Price also ties in to where you buy the TV. Online retailers almost always have lower prices than brick and mortar stores. Just make sure you buy from a reputable online retailer.
4) Contrast Ratio
When it comes to picture quality, contrast ratio is the most important factor. A TV with an excellent contrast ratio has a more natural picture, seems more detailed, and has a realistic “depth” separate from any potential 3D capabilities.
Why is it number 4 on our list? Two reasons. The first is that when it comes to the name-brand TVs, the contrast ratios are pretty good. Some are certainly better than others, but the lower performing TVs from the main brands look pretty good.
The last reason, is you can’t check contrast ratio. All manufacturers lie about their contrast ratio specs and it’s impossible to compare contrast ratios in stores. The only way is to read reviews online, and not all measure contrast ratio.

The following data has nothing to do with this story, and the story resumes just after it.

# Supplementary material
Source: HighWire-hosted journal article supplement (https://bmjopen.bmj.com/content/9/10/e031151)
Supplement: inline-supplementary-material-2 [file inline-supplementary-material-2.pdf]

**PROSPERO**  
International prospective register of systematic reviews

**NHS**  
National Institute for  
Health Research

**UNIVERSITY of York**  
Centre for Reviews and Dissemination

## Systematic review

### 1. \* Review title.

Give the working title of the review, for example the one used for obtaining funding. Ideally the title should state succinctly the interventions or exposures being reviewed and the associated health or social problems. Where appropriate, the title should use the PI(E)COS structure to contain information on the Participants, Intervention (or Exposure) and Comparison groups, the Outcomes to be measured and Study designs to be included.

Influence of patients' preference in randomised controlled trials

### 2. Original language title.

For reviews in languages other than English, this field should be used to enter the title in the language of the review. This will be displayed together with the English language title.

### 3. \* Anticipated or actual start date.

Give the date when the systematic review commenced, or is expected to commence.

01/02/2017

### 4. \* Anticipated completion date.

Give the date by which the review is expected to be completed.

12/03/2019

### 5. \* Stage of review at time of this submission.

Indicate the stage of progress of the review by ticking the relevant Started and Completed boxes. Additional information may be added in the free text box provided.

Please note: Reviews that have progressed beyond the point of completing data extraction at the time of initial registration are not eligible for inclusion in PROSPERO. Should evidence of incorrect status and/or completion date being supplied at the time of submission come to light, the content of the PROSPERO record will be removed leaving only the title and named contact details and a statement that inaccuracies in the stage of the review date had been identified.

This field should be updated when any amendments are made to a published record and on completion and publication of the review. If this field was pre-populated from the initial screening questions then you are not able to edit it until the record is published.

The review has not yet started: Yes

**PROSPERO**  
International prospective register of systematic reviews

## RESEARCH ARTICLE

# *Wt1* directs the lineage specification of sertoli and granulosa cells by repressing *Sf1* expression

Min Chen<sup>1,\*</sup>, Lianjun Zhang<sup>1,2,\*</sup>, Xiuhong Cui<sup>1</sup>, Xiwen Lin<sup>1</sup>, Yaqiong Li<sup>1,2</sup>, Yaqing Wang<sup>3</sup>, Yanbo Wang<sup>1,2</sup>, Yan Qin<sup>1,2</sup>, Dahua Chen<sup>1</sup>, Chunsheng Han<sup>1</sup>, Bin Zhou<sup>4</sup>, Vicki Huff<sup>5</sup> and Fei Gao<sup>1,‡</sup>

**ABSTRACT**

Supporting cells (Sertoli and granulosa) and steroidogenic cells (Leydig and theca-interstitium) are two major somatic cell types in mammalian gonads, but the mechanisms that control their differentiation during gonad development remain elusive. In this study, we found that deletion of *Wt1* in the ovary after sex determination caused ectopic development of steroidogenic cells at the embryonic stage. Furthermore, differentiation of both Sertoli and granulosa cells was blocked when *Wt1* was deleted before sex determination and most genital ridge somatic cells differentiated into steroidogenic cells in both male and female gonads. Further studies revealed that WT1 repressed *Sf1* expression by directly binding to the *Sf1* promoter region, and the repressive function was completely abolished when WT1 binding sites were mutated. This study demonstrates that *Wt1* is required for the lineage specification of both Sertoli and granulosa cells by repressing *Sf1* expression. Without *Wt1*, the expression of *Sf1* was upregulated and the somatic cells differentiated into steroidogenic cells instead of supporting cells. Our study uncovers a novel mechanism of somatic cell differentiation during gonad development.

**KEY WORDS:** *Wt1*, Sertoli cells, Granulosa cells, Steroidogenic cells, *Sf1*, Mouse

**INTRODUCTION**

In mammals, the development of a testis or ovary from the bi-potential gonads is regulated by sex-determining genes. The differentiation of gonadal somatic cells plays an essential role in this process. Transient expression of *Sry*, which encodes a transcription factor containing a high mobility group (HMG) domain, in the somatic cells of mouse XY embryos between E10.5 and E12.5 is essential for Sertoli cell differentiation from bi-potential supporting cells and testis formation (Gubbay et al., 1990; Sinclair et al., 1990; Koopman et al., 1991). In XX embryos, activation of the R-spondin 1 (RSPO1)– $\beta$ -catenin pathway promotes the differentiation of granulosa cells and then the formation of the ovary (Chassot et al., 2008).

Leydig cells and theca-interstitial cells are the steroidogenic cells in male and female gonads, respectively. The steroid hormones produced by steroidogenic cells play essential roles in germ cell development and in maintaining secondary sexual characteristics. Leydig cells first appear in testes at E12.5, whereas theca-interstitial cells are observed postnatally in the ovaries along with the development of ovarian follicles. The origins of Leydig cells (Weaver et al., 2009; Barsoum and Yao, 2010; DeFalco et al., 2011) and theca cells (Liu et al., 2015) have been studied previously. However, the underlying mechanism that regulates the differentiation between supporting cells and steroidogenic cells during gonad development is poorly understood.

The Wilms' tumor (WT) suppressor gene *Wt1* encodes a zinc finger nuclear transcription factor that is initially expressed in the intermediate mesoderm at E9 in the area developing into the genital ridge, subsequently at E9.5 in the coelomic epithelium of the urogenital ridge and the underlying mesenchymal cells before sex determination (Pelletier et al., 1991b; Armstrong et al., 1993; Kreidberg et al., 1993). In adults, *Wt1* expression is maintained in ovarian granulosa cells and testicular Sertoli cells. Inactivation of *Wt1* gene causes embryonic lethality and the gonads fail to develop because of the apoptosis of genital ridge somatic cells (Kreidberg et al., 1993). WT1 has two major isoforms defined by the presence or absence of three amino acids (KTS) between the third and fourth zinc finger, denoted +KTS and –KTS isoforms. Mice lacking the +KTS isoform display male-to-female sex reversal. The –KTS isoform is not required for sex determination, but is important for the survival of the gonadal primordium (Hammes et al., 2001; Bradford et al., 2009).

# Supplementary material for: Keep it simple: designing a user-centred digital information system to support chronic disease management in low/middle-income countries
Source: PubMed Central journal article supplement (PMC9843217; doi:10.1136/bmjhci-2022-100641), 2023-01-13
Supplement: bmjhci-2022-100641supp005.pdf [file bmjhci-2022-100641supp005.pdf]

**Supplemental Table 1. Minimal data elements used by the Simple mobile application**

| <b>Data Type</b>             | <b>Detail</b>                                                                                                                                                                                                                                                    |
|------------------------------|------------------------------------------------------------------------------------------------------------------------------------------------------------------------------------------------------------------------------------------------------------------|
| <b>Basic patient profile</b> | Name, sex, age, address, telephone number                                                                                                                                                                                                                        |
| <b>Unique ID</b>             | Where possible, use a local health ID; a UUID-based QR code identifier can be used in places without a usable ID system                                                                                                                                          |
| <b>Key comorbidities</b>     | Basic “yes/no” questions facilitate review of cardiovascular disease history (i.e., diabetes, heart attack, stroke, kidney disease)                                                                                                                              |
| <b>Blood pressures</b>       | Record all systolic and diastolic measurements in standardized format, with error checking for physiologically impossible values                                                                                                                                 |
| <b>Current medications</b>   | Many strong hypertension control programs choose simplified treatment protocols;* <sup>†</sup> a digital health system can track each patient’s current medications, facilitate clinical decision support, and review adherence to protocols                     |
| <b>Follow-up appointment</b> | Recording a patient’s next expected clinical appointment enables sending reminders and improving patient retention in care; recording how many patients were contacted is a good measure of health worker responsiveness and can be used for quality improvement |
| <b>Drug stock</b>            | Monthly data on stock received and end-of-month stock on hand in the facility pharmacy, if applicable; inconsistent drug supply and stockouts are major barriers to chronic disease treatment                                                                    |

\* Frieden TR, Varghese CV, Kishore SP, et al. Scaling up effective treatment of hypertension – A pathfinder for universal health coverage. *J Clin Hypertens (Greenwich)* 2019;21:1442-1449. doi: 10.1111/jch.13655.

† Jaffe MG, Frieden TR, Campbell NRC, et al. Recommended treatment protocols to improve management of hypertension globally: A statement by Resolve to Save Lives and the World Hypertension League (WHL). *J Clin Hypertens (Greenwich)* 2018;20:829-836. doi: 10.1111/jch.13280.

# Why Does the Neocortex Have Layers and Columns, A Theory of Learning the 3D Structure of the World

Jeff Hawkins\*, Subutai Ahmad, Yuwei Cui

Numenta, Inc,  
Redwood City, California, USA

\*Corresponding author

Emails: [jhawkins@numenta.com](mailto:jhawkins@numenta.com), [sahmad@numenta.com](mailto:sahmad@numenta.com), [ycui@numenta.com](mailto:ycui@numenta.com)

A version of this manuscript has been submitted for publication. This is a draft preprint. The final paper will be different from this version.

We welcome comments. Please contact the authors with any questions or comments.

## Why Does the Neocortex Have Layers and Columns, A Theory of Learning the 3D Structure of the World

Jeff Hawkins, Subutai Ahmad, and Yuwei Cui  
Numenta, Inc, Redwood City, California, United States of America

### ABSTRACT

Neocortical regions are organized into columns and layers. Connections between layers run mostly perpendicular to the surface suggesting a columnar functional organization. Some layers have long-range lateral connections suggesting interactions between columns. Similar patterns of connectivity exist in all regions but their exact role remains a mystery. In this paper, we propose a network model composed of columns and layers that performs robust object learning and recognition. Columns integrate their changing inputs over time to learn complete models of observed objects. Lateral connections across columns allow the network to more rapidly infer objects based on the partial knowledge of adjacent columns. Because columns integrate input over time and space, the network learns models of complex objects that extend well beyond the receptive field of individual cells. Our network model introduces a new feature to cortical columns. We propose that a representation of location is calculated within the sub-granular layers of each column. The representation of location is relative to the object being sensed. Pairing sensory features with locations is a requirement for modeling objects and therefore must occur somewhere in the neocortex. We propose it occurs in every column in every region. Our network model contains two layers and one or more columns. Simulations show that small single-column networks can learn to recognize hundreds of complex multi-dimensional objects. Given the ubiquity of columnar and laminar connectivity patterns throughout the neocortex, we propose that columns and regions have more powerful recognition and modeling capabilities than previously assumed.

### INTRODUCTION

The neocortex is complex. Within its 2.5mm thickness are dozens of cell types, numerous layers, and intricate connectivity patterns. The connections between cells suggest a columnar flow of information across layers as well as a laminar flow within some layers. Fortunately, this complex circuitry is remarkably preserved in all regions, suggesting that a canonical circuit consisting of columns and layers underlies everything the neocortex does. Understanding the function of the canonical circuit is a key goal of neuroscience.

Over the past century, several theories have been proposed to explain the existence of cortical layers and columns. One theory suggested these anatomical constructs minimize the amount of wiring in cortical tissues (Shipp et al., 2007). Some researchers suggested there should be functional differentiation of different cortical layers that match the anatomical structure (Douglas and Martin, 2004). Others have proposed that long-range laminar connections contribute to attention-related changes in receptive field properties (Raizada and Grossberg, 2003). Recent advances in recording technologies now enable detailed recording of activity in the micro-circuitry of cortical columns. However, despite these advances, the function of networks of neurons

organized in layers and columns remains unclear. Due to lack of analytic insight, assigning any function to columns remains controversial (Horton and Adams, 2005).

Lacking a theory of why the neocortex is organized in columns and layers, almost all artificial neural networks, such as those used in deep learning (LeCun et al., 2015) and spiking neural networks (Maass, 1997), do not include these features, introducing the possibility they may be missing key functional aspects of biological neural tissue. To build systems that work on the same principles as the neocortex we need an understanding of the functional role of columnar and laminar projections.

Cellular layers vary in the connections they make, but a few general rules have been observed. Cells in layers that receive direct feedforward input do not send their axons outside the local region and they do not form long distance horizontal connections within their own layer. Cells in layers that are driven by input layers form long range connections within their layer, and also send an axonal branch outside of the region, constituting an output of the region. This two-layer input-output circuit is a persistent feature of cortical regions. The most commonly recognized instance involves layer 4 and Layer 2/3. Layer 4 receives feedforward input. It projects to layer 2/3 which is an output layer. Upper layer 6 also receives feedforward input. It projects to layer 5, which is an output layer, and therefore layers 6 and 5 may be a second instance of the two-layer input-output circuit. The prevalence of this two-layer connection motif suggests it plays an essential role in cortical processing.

So while it’s a vital statistic, it’s often pretty good on most top tier televisions, and you can’t really judge what it looks like in a store. If this were a question of picture quality alone, this would be #1, but it’s about the entire TV so it’s #4. For more info, check out my Contrast ratio (or how every TV manufacturer lies to you) article.
5) Other Features
One of the most touted and advertised features in current TVs is Internet streaming. This includes Netflix, Hulu Plus, VUDU and others that expand the total amount of content available on the TV. These services are fantastic but… you don’t need them in the TV. An external box like an Apple TV or Roku have all the same services, and are $100 or less. The same with nearly every Blu-ray player, and they start around $100. There’s no reason you shouldn’t have Internet streaming features in your TV, but there’s no need to pay extra for it.